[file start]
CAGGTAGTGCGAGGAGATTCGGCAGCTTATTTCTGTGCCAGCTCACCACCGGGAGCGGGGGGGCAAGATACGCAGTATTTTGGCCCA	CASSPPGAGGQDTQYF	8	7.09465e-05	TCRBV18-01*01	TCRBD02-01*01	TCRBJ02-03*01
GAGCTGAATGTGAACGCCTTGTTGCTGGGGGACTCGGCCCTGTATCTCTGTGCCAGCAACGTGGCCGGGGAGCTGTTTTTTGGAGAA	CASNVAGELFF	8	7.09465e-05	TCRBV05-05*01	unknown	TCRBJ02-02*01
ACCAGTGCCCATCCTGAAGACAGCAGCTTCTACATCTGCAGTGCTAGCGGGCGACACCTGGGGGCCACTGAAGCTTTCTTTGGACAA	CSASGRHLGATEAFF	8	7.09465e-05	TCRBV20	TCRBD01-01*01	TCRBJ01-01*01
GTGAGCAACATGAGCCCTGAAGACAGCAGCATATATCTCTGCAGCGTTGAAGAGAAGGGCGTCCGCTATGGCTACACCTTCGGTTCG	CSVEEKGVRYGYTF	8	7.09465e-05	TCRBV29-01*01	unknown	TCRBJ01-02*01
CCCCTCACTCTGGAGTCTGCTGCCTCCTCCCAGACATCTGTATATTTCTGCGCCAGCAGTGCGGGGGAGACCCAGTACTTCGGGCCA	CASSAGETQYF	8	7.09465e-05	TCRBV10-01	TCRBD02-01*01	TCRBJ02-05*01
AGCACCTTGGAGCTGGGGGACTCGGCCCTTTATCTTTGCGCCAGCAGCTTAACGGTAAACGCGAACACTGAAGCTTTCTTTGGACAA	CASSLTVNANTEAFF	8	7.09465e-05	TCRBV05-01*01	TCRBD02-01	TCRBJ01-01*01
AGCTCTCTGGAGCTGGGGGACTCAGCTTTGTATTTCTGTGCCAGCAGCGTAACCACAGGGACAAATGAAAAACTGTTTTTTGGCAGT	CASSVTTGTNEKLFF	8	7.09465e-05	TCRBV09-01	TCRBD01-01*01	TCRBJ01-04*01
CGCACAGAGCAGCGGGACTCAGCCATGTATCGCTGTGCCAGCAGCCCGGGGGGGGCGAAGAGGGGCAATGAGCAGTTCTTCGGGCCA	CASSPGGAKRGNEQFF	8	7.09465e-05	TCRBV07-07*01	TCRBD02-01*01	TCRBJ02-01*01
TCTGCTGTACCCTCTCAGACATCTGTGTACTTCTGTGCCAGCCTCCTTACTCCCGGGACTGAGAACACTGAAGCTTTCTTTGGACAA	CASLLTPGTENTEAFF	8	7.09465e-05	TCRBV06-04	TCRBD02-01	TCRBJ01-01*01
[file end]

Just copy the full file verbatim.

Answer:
CAGGTAGTGCGAGGAGATTCGGCAGCTTATTTCTGTGCCAGCTCACCACCGGGAGCGGGGGGGCAAGATACGCAGTATTTTGGCCCA	CASSPPGAGGQDTQYF	8	7.09465e-05	TCRBV18-01*01	TCRBD02-01*01	TCRBJ02-03*01
GAGCTGAATGTGAACGCCTTGTTGCTGGGGGACTCGGCCCTGTATCTCTGTGCCAGCAACGTGGCCGGGGAGCTGTTTTTTGGAGAA	CASNVAGELFF	8	7.09465e-05	TCRBV05-05*01	unknown	TCRBJ02-02*01
ACCAGTGCCCATCCTGAAGACAGCAGCTTCTACATCTGCAGTGCTAGCGGGCGACACCTGGGGGCCACTGAAGCTTTCTTTGGACAA	CSASGRHLGATEAFF	8	7.09465e-05	TCRBV20	TCRBD01-01*01	TCRBJ01-01*01
GTGAGCAACATGAGCCCTGAAGACAGCAGCATATATCTCTGCAGCGTTGAAGAGAAGGGCGTCCGCTATGGCTACACCTTCGGTTCG	CSVEEKGVRYGYTF	8	7.09465e-05	TCRBV29-01*01	unknown	TCRBJ01-02*01
CCCCTCACTCTGGAGTCTGCTGCCTCCTCCCAGACATCTGTATATTTCTGCGCCAGCAGTGCGGGGGAGACCCAGTACTTCGGGCCA	CASSAGETQYF	8	7.09465e-05	TCRBV10-01	TCRBD02-01*01	TCRBJ02-05*01
AGCACCTTGGAGCTGGGGGACTCGGCCCTTTATCTTTGCGCCAGCAGCTTAACGGTAAACGCGAACACTGAAGCTTTCTTTGGACAA	CASSLTVNANTEAFF	8	7.09465e-05	TCRBV05-01*01	TCRBD02-01	TCRBJ01-01*01
AGCTCTCTGGAGCTGGGGGACTCAGCTTTGTATTTCTGTGCCAGCAGCGTAACCACAGGGACAAATGAAAAACTGTTTTTTGGCAGT	CASSVTTGTNEKLFF	8	7.09465e-05	TCRBV09-01	TCRBD01-01*01	TCRBJ01-04*01
CGCACAGAGCAGCGGGACTCAGCCATGTATCGCTGTGCCAGCAGCCCGGGGGGGGCGAAGAGGGGCAATGAGCAGTTCTTCGGGCCA	CASSPGGAKRGNEQFF	8	7.09465e-05	TCRBV07-07*01	TCRBD02-01*01	TCRBJ02-01*01
TCTGCTGTACCCTCTCAGACATCTGTGTACTTCTGTGCCAGCCTCCTTACTCCCGGGACTGAGAACACTGAAGCTTTCTTTGGACAA	CASLLTPGTENTEAFF	8	7.09465e-05	TCRBV06-04	TCRBD02-01	TCRBJ01-01*01